Right, so in summary, this is more a "get grandma's heart pumping" o-meter and not much to shake a stick at in terms of not being able to trust Jack. He's clearly always trying to do the best that he can for the group and does so over and over again in some extreme circumstances he did not bring about himself. Honestly they didn't even come to mind when I was trying to brainstorm my own list, or even strike me as anything when I was reading the entire wiki article to refresh my memory. The "trivia" section at the end brought it to my attention. Even the mark against him I agree with was still an attempt to save the life of Shannon. Perhaps he can be partially blamed for putting Sayid on a darker path, since he goes on to torture Ben, and later even work for Ben as an assassin when they get off the island. That's still one misstep on Jack's part in extreme circumstances and we can at least partially blame Sawyer for being such an unnecessarily difficult dysfunctional attention whore.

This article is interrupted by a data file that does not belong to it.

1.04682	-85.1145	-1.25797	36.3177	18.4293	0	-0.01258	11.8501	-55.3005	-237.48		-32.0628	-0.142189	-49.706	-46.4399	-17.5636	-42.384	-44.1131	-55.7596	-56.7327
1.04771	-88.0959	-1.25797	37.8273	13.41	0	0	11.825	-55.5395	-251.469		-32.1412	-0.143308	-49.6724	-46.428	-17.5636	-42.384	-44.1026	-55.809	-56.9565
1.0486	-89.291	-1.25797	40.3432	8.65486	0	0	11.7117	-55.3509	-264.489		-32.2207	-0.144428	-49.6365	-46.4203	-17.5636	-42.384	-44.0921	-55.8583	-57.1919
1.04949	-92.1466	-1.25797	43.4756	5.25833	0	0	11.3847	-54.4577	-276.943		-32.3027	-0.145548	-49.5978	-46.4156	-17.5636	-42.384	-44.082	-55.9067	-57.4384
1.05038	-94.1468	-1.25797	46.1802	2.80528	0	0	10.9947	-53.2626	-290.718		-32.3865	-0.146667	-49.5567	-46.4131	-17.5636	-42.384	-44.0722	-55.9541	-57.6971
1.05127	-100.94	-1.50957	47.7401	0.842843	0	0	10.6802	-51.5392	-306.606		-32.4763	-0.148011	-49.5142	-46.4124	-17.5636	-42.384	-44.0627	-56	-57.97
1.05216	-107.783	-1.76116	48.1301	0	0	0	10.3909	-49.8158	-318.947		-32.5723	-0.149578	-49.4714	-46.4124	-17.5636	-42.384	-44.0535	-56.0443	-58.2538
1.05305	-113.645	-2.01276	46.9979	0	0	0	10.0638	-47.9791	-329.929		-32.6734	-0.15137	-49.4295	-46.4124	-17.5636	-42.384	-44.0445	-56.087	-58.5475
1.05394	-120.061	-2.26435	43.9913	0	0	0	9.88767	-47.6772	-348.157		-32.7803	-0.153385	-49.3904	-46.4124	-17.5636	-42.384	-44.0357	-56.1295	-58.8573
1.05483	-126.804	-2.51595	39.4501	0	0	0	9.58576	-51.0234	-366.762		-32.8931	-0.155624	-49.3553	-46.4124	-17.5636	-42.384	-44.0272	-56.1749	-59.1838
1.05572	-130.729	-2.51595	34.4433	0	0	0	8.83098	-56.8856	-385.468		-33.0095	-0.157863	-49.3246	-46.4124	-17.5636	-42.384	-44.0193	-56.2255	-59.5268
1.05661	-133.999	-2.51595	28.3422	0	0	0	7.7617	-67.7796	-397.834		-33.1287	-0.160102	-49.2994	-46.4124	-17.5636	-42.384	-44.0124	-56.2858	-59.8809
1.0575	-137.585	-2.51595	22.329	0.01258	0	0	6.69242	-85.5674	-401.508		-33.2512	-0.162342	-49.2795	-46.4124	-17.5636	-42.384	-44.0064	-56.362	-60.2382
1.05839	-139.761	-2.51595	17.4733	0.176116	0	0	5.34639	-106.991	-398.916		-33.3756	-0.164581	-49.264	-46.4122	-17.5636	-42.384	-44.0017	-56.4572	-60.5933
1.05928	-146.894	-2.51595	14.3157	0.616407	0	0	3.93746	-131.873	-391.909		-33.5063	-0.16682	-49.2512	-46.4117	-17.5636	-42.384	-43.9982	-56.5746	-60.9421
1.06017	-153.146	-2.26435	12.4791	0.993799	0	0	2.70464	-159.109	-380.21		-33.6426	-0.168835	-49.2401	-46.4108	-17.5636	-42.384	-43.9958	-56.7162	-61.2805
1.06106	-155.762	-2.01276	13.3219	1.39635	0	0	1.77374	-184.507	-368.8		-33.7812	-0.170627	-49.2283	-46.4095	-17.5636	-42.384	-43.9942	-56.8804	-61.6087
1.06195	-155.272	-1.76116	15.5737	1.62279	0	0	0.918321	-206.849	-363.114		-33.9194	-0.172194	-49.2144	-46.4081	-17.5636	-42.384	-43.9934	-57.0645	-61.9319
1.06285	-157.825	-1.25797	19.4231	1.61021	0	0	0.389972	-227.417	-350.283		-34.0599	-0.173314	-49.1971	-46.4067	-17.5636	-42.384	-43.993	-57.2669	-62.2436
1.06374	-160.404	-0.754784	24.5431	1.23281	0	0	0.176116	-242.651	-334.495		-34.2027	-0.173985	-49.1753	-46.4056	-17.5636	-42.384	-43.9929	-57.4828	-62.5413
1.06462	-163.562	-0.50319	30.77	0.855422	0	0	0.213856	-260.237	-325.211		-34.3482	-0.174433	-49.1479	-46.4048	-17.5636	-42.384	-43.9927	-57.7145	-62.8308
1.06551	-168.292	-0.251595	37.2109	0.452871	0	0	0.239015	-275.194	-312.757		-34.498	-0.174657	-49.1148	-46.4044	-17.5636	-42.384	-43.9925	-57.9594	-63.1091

Locke on the other hand, assaulted Sayid as he was trying to triangulate a signal which if found could have helped them radio for help (Locke says that he was trying to protect everyone because of what the message said, but an honest discussion would alleviate accusations of trying to stamp out chances of getting off the island) ("The Moth"), assaulted, held Boone captive, and drugged him (leaving him alone in the jungle with the smoke monster possibly at large as though Locke knows all about fixing people's problems) ("Hearts and Minds"), was indirectly responsible for the death of Boone and his lie about the nature of the accident prevented proper medical treatment from taking place soon enough (even the later "hallucination" of Boone seemed to be making fun of him, dubbing himself a "sacrifice the island demanded"...as in, buddy Jesus told you to put your kids in the oven talk) ("Do No Harm"), conspired to torture Ben ("One of Them"), Locke's faith based insecurities led him to prevent Eko from continuing to press the button and therefore destroyed a safe haven filled with supplies for the group (he could have been as apathetic either way as Jack was), attempted to murder Mikhail Bakunin ("Par Avion"), planted a bomb on the Galaga submarine (Locke wants to stay, therefore apparently no one else can leave the island either) ("The Man from Tallahassee"), was an accessory in the murder of Anthony Cooper ("The Brig"), assaulted and murdered Naomi Dorrit with a knife he threw in her back ("Through the Looking Glass"), threatened to shoot Jack ("Through the Looking Glass"), put a hand grenade in Miles' mouth ("Eggtown"), and threatened to shoot Sawyer because he needed Hurley to find the ghost's log cabin in the woods (so again, his destiny is more important than the safety of his friends) ("The Shape of Things to Come"), then when it comes to a serious threat (like the invasion of the island) Locke has done such untrustworthy and harmful things that the division he has created (even when he is trying to help and has good reason to do so) becomes an accumulated mark of his own negligence (they could have been building up collective trust all this time, after all), and finally (so far at least) Locke puts his trust in the mysterious "ghost" leader of the island who may or may not have everyone's best intentions in mind.